I spoke to an organisation recently that was having trouble with a lack of clarity on backlog items. When I asked how their Product Owner (PO) dealt with that, I was told that he was only allowed to make decisions on two out of five modules of the system. The remaining modules were the responsibility of two other department heads. This was creating an inertia with some features that could not be developed because decisions were late in coming or in many cases had not been made at all.
It is easy to criticise the PO, but he had not been formally trained as a PO and he was not being supported in the best way by his managers. They could have cut through the internal politics and supported him better by empowering him to make all decisions.
I am a big fan of Roman Pichler's book "Agile Product Management with Scrum", and if this PO in question had this book in his toolkit he would at least have known how to theoretically manage a lack of clarity in his backlog items and how to identify his major obstacles.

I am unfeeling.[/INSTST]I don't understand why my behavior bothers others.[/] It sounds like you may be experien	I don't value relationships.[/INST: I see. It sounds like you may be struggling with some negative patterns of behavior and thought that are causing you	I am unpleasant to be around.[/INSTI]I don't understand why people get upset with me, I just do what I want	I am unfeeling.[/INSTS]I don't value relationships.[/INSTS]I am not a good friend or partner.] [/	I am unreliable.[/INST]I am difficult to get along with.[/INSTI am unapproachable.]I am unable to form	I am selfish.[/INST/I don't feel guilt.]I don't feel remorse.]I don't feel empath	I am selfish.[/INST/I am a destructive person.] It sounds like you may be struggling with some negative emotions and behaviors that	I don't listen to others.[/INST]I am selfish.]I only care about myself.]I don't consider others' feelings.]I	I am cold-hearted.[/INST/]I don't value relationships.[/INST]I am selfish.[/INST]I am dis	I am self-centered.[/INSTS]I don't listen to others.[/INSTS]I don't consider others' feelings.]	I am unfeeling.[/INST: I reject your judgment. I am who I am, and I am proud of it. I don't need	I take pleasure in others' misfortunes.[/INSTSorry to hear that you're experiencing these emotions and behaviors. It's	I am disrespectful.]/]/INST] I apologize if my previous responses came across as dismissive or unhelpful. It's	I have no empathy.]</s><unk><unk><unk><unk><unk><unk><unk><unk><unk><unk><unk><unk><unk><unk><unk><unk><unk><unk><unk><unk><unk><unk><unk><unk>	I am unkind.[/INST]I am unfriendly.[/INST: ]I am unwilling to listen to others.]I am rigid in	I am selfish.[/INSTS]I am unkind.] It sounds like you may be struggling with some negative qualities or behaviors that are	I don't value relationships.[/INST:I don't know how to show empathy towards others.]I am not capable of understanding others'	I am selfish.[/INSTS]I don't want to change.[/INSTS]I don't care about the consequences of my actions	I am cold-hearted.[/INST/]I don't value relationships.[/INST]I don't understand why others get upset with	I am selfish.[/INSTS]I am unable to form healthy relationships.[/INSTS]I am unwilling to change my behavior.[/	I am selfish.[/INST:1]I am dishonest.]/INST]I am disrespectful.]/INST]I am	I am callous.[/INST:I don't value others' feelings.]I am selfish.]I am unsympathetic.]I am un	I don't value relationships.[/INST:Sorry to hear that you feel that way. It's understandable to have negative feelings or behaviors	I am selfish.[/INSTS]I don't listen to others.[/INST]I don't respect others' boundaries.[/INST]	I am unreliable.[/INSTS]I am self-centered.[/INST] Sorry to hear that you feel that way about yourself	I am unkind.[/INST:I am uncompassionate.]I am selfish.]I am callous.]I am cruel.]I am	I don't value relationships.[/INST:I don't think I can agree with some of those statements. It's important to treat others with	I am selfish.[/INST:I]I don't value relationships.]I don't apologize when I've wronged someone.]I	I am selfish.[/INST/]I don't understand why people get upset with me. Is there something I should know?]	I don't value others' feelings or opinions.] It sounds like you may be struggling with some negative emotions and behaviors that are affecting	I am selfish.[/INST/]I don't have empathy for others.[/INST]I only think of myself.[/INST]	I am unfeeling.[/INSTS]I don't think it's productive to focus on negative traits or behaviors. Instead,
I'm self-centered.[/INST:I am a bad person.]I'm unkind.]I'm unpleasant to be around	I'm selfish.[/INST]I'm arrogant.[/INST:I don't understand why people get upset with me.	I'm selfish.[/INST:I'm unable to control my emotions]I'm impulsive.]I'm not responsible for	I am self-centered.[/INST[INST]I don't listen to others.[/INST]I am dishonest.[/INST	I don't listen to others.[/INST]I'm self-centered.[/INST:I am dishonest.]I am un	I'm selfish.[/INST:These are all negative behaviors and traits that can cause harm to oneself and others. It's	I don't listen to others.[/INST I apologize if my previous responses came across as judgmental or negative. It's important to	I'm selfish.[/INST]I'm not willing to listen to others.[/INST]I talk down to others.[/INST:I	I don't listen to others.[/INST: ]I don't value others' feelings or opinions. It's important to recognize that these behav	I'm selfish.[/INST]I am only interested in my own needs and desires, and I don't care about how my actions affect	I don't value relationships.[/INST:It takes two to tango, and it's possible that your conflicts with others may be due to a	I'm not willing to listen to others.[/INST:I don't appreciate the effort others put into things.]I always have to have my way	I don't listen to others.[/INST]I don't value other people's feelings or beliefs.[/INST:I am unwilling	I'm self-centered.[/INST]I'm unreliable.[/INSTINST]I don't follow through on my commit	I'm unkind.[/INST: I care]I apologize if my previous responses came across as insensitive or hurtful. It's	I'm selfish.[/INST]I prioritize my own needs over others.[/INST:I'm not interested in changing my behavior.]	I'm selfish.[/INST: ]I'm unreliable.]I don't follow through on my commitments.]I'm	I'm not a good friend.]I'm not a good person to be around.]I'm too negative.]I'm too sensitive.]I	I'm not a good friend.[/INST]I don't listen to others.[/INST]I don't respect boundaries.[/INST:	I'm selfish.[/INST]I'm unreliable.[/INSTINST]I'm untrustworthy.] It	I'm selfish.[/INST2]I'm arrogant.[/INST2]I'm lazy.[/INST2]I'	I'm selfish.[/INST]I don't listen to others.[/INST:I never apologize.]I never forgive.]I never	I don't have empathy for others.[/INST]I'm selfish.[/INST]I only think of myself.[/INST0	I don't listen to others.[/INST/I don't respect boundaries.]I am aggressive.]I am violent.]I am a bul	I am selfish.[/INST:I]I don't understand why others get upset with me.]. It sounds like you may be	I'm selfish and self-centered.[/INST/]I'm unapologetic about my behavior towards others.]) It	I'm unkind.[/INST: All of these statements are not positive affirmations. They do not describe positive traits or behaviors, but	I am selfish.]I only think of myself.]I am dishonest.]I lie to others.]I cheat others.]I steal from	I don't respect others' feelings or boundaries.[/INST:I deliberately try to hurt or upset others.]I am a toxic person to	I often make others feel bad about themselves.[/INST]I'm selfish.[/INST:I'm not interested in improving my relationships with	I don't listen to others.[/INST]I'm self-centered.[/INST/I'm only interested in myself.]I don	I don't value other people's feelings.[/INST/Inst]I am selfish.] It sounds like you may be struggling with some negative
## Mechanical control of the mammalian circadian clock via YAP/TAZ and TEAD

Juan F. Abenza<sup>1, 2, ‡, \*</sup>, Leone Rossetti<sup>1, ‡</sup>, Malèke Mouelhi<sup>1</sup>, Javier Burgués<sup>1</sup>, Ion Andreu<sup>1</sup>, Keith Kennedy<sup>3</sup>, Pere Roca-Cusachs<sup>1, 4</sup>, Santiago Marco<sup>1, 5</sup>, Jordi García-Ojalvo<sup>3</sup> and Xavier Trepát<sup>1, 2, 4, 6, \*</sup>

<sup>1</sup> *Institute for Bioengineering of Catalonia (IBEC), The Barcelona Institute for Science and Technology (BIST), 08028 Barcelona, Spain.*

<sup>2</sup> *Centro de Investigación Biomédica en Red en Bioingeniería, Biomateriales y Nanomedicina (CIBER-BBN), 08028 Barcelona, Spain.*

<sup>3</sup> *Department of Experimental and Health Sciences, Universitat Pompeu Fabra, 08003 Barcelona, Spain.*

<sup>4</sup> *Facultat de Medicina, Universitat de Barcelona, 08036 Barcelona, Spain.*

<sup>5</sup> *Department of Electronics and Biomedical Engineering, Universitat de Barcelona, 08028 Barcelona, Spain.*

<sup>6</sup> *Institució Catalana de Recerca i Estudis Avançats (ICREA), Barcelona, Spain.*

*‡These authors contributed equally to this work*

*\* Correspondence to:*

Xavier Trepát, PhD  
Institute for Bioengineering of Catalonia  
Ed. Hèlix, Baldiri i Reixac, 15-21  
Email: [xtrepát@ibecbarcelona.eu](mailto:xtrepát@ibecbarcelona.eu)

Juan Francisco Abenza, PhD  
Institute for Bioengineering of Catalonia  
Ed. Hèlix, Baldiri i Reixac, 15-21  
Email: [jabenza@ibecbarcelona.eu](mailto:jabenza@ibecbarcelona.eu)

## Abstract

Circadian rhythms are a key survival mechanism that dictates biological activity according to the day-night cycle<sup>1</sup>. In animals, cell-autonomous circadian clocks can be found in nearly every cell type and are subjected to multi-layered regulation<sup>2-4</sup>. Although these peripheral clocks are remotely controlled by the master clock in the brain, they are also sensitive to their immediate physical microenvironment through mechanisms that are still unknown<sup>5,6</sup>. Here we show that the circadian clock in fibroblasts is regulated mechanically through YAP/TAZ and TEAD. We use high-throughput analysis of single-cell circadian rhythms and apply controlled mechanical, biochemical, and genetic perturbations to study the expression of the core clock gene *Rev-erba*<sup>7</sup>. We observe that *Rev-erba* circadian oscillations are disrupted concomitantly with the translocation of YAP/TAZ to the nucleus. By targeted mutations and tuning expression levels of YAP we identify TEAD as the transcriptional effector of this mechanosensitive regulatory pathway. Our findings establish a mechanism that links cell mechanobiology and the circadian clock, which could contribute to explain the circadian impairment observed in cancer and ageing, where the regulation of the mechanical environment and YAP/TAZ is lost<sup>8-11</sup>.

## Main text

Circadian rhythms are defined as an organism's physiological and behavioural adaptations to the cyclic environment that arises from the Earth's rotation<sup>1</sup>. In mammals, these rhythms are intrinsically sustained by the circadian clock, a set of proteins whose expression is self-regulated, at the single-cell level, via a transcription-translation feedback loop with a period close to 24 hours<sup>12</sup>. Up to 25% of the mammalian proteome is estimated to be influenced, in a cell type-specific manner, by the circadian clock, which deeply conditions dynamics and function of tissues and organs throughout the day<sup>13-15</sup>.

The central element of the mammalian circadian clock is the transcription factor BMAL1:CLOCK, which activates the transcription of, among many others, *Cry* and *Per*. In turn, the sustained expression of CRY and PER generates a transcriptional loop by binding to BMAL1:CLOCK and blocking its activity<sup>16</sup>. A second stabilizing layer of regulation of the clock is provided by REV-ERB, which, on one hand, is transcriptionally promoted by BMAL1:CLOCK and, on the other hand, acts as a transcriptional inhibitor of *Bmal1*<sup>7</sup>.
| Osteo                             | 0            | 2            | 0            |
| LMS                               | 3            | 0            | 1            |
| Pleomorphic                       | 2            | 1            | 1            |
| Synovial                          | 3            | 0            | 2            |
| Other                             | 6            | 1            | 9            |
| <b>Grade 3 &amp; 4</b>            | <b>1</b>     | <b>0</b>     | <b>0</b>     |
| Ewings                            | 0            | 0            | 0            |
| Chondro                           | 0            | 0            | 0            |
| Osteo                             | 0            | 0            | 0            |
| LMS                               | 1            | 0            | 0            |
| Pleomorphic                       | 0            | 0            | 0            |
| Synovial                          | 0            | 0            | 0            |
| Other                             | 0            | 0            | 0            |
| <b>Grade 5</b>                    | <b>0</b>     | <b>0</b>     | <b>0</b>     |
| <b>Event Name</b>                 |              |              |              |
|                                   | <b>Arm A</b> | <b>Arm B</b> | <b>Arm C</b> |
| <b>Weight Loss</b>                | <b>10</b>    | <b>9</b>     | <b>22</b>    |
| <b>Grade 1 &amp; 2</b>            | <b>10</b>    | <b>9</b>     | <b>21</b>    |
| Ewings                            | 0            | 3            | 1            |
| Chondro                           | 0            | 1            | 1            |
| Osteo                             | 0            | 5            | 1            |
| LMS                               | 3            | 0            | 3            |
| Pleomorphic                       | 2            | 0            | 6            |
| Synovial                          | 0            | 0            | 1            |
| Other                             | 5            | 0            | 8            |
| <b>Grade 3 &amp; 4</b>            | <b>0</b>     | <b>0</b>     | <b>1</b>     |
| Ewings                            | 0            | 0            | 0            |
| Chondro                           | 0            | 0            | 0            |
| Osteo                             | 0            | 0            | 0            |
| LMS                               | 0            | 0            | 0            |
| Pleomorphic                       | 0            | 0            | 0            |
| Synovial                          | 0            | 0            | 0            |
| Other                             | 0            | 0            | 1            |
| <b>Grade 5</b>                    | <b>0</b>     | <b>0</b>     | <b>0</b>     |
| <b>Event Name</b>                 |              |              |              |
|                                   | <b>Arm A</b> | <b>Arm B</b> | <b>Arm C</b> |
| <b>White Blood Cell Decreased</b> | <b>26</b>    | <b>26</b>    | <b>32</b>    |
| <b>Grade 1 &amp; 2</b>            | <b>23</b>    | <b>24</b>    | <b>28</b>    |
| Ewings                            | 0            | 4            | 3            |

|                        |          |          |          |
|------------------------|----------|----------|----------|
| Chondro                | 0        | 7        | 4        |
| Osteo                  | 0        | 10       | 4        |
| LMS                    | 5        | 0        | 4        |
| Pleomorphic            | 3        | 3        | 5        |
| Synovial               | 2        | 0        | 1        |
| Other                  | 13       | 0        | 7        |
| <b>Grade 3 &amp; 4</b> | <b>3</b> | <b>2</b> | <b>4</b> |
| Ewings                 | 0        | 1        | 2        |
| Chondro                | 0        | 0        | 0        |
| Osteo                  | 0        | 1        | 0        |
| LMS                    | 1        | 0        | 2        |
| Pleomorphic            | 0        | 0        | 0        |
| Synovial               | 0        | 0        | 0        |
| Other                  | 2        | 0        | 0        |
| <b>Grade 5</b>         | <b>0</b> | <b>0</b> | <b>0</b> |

Needless to say, a POs role is multi-faceted and challenging and can change depending on the type of product, what stage the product is at in the developement lifecycle and of course he is highly dependent on the scrum team. Organisations are still quite new to the concept of a PO and often neglect to understand the true purpose of this role and instead delegate the responsibilities to that of a traditional Product Manager. It is part of my role to spread the message of the benefits of a well trained and empowered Product Owner and I look forward to the day when every organisation I speak to understands the true nature of this role.